Thinking of going on an African safari? If so, you’ll want to get yourself acquainted with Africa’s Big Five: the Lion, Elephant, Buffalo, Rhinoceros, and Leopard. There’s no better place to find the Big Five than in South Africa, which offers the most exciting, memorable, and exhilarating opportunities to come face-to-face with these animals.
Meet the Lion
The lion is arguably the most sought-after of the Big Five because it is synonymous with an African safari. Lions are charismatic, powerful and beautiful. Once, hundreds of thousands of lions roamed the world, but sadly, today there are between 25,000 and 30,000 left, with most remaining in sub-Saharan Africa. In South Africa, your chances of seeing lions are high in national parks and in private gave reserves. Lions are creatures of the savannah and open plains and they function in prides, usually numbering about 5-15. There are no natural enemies to lions other than hunters, although lion cubs fall prey to nomadic male lions that attempt to take over a pride.
There are no hard and fast rules for spotting game. If there is plenty of prey, lions spend almost all their time just sleeping or lazing about as their bellies are full and thus there’s no need to hunt. Be on the lookout for lions in deep shade or under trees. But don’t be fooled – they are conserving energy for the hunt, which often begins in the late afternoon when they wake up. As they get to their feet, fierce concentration takes hold as they set off in search of prey.
Meet the Elephant
Your first sighting of a tiny baby elephant may be one of your most indelible memories. Watch how mothers protect their babies by always putting themselves between danger and their offspring and how the whole herd immediately goes into protective group defense mode when threatened. If an elephant trumpets, you’ll definitely hear it, but the infrasonic tummy rumbles they use to communicate with one another are most often too low for the human ear to pick up.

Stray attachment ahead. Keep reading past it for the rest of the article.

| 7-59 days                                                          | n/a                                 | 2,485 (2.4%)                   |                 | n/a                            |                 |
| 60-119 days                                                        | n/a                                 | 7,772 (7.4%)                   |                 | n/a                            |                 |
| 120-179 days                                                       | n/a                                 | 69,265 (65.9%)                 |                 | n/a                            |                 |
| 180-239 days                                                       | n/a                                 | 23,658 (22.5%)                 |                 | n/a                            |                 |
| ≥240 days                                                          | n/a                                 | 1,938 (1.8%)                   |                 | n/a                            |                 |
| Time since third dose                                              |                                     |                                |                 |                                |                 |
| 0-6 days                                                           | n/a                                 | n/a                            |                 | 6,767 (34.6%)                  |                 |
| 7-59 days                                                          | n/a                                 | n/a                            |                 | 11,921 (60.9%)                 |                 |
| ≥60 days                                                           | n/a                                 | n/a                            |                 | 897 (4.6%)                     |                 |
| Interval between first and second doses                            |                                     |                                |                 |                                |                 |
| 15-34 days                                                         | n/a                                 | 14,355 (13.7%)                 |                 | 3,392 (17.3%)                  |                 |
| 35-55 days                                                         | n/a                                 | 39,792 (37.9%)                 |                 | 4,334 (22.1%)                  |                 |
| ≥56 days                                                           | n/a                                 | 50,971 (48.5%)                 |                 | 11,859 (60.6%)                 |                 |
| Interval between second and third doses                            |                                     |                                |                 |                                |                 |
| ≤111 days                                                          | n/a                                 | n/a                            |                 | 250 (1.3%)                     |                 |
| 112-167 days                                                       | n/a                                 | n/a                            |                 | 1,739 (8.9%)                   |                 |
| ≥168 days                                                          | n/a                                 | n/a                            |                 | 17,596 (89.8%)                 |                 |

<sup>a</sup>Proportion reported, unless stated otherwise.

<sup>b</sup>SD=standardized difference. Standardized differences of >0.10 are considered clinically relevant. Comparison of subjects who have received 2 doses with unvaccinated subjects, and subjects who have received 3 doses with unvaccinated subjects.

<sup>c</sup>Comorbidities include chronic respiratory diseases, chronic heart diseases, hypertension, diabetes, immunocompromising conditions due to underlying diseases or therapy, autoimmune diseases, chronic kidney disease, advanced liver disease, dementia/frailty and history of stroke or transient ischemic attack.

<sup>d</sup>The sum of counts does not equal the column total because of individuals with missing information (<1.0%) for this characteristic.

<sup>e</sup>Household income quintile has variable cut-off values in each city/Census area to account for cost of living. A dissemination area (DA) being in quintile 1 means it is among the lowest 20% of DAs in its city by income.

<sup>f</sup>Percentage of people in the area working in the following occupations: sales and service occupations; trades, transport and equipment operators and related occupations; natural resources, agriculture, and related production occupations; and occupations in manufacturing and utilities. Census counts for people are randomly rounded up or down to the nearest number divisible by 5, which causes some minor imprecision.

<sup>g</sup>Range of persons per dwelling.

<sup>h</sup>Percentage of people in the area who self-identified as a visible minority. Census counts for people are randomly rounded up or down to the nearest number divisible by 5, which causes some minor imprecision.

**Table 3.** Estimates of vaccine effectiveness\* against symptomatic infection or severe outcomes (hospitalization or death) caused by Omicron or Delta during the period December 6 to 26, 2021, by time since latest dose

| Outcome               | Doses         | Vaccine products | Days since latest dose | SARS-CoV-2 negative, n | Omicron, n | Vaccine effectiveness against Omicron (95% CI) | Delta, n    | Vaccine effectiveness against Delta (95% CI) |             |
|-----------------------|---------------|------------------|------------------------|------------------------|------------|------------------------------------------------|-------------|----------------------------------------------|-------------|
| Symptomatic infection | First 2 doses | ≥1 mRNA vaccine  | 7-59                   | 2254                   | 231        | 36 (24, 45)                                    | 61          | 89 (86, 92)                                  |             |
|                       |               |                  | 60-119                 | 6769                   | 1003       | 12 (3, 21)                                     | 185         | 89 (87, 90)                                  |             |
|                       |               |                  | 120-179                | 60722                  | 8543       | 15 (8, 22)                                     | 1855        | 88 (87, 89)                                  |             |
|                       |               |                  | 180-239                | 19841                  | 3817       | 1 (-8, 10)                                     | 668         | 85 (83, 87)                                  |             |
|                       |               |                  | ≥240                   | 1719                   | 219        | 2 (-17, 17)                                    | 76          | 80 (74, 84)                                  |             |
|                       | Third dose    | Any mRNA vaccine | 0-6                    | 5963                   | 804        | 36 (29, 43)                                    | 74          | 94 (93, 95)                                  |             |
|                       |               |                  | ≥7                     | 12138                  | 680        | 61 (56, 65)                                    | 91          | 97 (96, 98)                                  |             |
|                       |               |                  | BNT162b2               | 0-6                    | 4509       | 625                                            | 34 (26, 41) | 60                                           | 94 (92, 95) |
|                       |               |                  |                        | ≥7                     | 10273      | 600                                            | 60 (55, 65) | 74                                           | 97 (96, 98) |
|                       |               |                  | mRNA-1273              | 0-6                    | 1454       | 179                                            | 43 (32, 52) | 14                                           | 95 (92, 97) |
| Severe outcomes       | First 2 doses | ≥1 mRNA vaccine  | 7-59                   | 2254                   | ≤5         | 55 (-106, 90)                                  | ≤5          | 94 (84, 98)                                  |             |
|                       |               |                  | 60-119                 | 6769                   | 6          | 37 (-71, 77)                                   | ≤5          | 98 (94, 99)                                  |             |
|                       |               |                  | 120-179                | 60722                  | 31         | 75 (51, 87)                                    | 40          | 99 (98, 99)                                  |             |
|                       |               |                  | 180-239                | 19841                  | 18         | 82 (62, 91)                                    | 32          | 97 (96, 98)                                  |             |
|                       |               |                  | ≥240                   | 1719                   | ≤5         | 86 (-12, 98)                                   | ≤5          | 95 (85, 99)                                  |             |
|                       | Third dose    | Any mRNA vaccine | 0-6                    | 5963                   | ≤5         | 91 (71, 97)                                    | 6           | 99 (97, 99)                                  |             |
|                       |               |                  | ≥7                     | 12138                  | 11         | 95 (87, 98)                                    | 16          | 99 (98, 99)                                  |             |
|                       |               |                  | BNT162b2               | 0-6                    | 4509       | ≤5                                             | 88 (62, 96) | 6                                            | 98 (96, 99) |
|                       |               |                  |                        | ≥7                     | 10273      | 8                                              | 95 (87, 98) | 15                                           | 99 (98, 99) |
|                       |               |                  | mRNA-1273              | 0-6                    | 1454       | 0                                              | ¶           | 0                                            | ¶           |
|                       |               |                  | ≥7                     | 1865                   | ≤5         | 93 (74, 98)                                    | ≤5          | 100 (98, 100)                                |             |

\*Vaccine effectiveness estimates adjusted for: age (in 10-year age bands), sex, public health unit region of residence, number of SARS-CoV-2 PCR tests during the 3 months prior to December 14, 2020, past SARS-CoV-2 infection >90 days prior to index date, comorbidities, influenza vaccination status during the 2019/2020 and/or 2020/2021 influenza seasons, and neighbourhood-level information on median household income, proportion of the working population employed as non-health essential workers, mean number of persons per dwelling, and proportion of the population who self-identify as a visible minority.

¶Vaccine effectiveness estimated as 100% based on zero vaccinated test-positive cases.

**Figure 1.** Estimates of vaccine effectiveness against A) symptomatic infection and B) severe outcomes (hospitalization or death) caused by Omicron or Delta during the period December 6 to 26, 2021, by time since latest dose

Just because elephants are huge, doesn’t mean they are slow. If a herd takes fright, or needs to move quickly, elephants can reach speeds up to 25 miles/hour. Be aware that elephants love water, so be on the lookout to see a herd drinking, playing, splashing, swimming, and dunking in the water.
Meet the Buffalo
Don’t be fooled by the docile appearance of the African buffalo, this mean, moody, and magnificent animal is possibly the most dangerous of the Big Five. Buffalos are social animals and move around in large herds, sometimes of many hundreds. They chomp on long grass as they collectively move and feed. In the dry season, you can often see a cloud of dust signaling an approaching herd.
These large animals have to drink daily and to witness a large herd approaching a waterhole in the early morning or late afternoon is a memorable and noisy experience you won’t soon forget. When buffalos fight for rank and females, the noise of the clashing and crashing of their horns is estimated to be of the same impact of a car hitting a wall at 30 miles/hour!
Meet the Rhinoceros
When you first spot a white rhino your first impression will be of its bulk and size. You may wonder how such a prehistoric-looking animal has existed for so many millions of years. Rhinos are the second-largest land mammal, weighing in at a whopping 5,500 pounds, often living up to 40 years of age. Because rhinos are grazers, eating thick tough grass, they need a lot of water to digest their food. On a safari you may see a rhino eating mud or soil, which acts as a dietary mineral supplement.
If you see rhinos fighting, you’ll see that they use their horn, which is not attached to the skull in any way. You’ll also often find rhinos resting in shaded areas during the heat of the day or wallowing in mud. The dried mud acts as a sunscreen and cooling agent, while helping to evict parasites. Rhinos have poor eyesight but a fantastic sense of hearing and smell, so watch a rhino’s ears as they constantly rotate in all directions as it works out what’s going on around it.
Meet the Leopard
The leopard is beautiful, charismatic, dramatic, and also the most elusive of the Big Five. It’s a solitary animal that will fiercely defend its own hunting territory from other leopards, which is why it’s considered to be one of the most successful of all African predators. Leopards are nocturnal, so if you’re lucky, you may see a leopard stalking its prey during a night drive. It stalks silently and ruthlessly before it launches itself at its prey with a powerful spring.
Leopards often athletically drag their prey up into trees to avoid having it pirated by other animals such as lions and hyenas, so be on the lookout for thick overhanging branches of big old trees – you may find a leopard snoozing there during the hottest part of the day, or snacking on its prey.